The book seems almost self-conscious, nudging us with references to other books and leaning up against us going "Isn't that FUNNY?" And it isn't. Or at least, it isn't funny enough.

People who take football more seriously than I do may find the book good. I can't say I do.

Pratchett shoots... and misses.

Unseen Academicals continues the Discworld tradition of taking a real life phhenomenon and applying Disc logic to it. On paper it does sound like a good idea, football being something very quintessentailly british, and the culture around it being more than enough material for satire. Similarly, the idea of seeing what goes on behind the scenes at the university; the kitchens and such.

Unfortunately, it falls short.

The new characters are flat, and too flawless. The book spends too much time pondering about the nature of football, and repeating the running gags ("Skull ring", Bedlow Nobbs (No Relation), *Gloing*, Mr. Nutt's speech pattern, "doesn't chafe" etc.). In my view, there's also Character Derailment for Lord Vetinari, who seems to be laughing uncharstically much in the book (usually, he just gives a hidden smirk at Vimes' Refuge In Audacity). Also, the narration is too repetitive, and too muddles with dialect.

The book is not without merit, of course. Ponders as the faculty busybody and the magic of the gym whistle are the up points of the book.

Not his best, but a fun read regardless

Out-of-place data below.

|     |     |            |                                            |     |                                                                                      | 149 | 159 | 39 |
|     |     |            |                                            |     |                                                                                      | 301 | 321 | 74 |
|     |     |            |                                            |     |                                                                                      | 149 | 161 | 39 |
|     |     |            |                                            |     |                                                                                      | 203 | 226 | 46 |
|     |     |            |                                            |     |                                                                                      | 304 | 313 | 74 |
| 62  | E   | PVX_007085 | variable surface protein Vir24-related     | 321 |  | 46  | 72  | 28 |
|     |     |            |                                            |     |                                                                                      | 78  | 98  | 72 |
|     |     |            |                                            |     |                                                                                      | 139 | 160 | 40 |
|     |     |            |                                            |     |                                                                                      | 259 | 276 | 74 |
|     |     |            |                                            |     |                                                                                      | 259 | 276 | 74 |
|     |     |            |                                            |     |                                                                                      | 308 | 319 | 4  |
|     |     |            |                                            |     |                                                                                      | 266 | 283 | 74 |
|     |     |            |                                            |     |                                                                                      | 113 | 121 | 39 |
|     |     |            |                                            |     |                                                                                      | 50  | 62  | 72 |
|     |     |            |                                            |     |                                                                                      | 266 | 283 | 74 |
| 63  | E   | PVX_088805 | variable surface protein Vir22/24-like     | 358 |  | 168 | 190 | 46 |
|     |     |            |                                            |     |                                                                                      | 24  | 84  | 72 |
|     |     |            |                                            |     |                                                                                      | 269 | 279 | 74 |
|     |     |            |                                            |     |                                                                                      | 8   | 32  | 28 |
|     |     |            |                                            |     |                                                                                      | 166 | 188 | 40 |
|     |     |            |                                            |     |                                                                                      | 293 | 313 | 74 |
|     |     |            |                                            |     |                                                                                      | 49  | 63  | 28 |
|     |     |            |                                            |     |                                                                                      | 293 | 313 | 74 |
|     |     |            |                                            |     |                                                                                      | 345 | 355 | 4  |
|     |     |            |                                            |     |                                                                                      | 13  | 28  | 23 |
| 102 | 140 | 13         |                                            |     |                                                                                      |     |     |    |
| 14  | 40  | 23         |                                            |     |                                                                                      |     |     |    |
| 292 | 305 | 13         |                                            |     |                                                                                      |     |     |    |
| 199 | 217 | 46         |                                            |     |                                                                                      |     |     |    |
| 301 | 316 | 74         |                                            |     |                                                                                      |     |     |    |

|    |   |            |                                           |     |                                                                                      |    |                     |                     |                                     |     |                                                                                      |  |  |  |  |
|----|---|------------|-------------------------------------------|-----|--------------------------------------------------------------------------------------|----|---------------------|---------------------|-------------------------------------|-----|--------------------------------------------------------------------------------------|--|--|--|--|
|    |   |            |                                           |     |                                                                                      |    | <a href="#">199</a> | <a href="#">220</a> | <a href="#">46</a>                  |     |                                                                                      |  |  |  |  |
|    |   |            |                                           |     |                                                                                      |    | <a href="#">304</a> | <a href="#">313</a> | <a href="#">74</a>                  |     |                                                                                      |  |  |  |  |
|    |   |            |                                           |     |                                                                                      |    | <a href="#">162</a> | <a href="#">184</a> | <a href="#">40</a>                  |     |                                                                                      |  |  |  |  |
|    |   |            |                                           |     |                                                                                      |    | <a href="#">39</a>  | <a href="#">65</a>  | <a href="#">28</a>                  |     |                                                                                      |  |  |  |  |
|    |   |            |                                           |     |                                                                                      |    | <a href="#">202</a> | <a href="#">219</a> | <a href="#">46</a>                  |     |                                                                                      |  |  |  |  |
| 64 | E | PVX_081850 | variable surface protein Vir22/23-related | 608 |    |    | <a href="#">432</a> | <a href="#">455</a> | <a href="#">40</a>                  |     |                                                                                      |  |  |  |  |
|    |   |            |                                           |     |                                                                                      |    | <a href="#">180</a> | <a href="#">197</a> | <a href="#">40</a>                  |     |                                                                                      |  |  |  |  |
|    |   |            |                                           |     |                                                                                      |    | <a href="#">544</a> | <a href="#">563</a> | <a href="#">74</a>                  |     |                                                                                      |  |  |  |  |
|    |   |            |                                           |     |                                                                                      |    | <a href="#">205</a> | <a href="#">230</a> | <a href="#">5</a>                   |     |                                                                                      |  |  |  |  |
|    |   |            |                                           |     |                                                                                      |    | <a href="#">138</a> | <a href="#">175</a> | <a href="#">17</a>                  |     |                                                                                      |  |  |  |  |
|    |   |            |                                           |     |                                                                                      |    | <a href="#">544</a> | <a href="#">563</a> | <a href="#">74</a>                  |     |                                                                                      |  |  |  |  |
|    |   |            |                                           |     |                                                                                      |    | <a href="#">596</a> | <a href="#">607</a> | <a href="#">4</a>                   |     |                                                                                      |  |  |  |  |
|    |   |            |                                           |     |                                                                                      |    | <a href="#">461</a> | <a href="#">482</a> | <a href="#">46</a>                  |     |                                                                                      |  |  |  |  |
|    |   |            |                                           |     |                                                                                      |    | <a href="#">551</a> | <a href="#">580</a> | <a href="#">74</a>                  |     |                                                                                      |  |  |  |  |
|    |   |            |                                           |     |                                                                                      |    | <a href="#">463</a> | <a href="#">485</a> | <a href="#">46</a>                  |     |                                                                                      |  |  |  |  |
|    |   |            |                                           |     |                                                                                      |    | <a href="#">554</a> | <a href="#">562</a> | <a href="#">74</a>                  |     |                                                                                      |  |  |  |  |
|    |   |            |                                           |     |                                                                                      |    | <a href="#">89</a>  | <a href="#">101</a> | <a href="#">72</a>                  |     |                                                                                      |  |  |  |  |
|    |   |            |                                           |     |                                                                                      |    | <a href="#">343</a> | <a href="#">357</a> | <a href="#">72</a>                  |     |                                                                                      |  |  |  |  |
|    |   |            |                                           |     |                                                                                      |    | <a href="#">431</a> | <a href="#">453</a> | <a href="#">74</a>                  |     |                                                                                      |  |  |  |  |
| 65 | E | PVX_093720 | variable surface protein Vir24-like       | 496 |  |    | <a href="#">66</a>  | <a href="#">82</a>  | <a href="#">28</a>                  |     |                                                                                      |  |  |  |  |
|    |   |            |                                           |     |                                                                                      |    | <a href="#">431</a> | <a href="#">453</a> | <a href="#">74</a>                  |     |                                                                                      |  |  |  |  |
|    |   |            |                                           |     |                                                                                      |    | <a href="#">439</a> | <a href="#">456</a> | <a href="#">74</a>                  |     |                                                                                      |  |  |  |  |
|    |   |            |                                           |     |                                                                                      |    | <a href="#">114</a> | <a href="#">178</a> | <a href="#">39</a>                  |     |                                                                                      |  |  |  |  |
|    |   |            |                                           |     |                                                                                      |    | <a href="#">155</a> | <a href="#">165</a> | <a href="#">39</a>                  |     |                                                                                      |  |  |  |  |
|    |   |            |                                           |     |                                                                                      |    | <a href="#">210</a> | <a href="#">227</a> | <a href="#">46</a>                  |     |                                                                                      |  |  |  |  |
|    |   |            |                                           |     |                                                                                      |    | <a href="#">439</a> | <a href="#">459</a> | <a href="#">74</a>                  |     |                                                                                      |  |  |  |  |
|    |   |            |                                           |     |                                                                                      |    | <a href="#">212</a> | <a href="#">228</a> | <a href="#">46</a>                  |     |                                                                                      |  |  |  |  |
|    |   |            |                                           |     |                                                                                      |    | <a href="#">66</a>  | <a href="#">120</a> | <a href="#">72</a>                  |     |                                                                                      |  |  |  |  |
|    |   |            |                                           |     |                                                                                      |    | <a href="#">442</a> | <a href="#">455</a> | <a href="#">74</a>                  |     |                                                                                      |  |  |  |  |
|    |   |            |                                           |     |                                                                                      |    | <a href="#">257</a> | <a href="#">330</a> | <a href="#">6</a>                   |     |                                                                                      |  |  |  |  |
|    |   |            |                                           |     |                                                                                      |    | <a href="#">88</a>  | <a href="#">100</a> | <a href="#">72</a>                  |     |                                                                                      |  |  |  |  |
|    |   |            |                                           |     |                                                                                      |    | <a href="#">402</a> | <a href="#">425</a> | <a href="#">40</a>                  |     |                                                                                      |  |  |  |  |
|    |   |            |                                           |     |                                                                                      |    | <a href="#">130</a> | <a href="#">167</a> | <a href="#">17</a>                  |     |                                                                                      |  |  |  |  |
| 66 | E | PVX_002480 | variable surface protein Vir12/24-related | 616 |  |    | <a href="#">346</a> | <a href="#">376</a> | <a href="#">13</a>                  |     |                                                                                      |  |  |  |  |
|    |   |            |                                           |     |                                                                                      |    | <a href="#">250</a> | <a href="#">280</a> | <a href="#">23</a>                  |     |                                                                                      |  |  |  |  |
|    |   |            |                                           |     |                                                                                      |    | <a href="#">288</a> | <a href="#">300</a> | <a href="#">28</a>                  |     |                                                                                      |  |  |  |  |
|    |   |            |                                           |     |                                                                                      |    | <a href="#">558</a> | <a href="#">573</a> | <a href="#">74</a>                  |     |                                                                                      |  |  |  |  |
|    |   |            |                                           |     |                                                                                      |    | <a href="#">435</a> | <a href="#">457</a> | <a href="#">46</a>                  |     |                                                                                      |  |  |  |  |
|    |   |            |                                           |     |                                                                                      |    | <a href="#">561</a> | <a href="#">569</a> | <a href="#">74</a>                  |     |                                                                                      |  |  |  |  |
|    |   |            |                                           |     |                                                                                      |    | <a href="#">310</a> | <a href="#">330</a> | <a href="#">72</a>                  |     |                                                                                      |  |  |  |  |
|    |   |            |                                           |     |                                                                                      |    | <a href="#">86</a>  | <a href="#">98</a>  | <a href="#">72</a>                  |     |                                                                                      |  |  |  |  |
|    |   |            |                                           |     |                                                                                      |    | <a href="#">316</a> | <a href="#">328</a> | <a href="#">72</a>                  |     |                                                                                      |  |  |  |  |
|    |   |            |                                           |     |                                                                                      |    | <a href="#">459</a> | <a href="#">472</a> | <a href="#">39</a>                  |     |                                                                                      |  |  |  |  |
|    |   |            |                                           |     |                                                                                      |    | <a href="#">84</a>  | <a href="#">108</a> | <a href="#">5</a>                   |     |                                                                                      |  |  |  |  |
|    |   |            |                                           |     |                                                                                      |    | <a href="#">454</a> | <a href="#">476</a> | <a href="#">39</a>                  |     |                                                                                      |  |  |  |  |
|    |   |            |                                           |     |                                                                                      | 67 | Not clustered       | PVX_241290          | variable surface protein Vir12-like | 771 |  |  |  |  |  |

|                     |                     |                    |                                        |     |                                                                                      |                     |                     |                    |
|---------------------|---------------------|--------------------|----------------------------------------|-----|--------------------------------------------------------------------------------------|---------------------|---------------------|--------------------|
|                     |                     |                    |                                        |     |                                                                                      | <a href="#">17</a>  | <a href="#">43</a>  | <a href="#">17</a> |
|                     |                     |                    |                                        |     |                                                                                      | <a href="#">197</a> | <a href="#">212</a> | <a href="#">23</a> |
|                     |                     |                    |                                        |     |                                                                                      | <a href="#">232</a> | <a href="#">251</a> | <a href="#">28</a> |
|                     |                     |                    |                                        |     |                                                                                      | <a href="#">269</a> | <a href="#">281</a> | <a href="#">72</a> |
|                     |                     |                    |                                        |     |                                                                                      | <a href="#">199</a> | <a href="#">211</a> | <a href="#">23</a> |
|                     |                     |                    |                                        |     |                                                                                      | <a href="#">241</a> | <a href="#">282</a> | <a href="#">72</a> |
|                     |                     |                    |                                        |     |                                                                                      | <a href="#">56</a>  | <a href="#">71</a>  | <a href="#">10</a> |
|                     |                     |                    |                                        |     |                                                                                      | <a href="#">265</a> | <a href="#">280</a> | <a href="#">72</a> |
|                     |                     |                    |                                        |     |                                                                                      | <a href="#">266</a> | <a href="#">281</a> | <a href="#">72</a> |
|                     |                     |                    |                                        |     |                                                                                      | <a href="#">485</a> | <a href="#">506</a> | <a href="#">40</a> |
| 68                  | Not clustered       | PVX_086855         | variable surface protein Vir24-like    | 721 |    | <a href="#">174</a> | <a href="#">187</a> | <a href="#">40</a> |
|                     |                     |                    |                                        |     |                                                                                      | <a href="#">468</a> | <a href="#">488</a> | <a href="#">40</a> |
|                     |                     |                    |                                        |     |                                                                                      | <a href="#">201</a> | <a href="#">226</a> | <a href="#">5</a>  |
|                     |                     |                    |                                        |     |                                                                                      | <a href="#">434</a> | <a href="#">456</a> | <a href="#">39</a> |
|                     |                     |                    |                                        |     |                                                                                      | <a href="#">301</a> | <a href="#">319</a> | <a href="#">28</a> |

Let's not mince words: this is a very enjoyable book. Despite the seemingly dull premise (Wizards playing football? Are you mad?), the plot is entertaining and surprisingly deep, though the book starts out a little slowly and it takes thirty or forty pages to really get going. It's less about the football itself and more about the people whose lives are affected by the game. Most of the focus is on new characters (my favourite of these being Nutt), but many Discworld regulars make an appearance as well.

Pterry's writing is also just as sharp as ever, utilizing his trademark sense of playfulness and love of wordplay. As always, any scenes involving the Unseen University staff will steal the show, particularly when the wizards argue. This installment notably has a few more running gags than the average Discworld story, but whether this is a good or bad thing really depends on your personal tolerance for that sort of thing (the first review on this site clearly doesn't think much of them). I found them funny, at any rate.

The best part about this volume, however, is the sheer amount of references to earlier Discworld stories within in. Pratchett normally isn't overly bothered with continuity, so all the little references become immensely satisfying for longtime Discworld fans, such as myself.

But the book is not perfect. I can't remember there being any truly laugh-out-loud moments in it, which is a shame. Granted, Pratchett's humour is usually more thought-provoking or small-chuckle-worthy than laugh-out-loud funny, but still, there's usually at least one such joke in all of his books, in my opinion, so the lack of one in this volume is certainly a drawback. Another thing is that the normally reserved and stoic Lord Vetinari is seen laughing a few times in this book. This is at odds with his previous characterization, which wouldn't bother me as much if he weren't my favourite character in all of fiction. That said, though, that is the only actual derailment that I have noticed with any of the characters in here, and it's a fairly minor one at that.

So, all in all, this is a good book, but certainly not Terry Pratchett's best. It shouldn't disappoint fans, unless they are expecting it to outdo the earlier volumes. Definitely worth reading.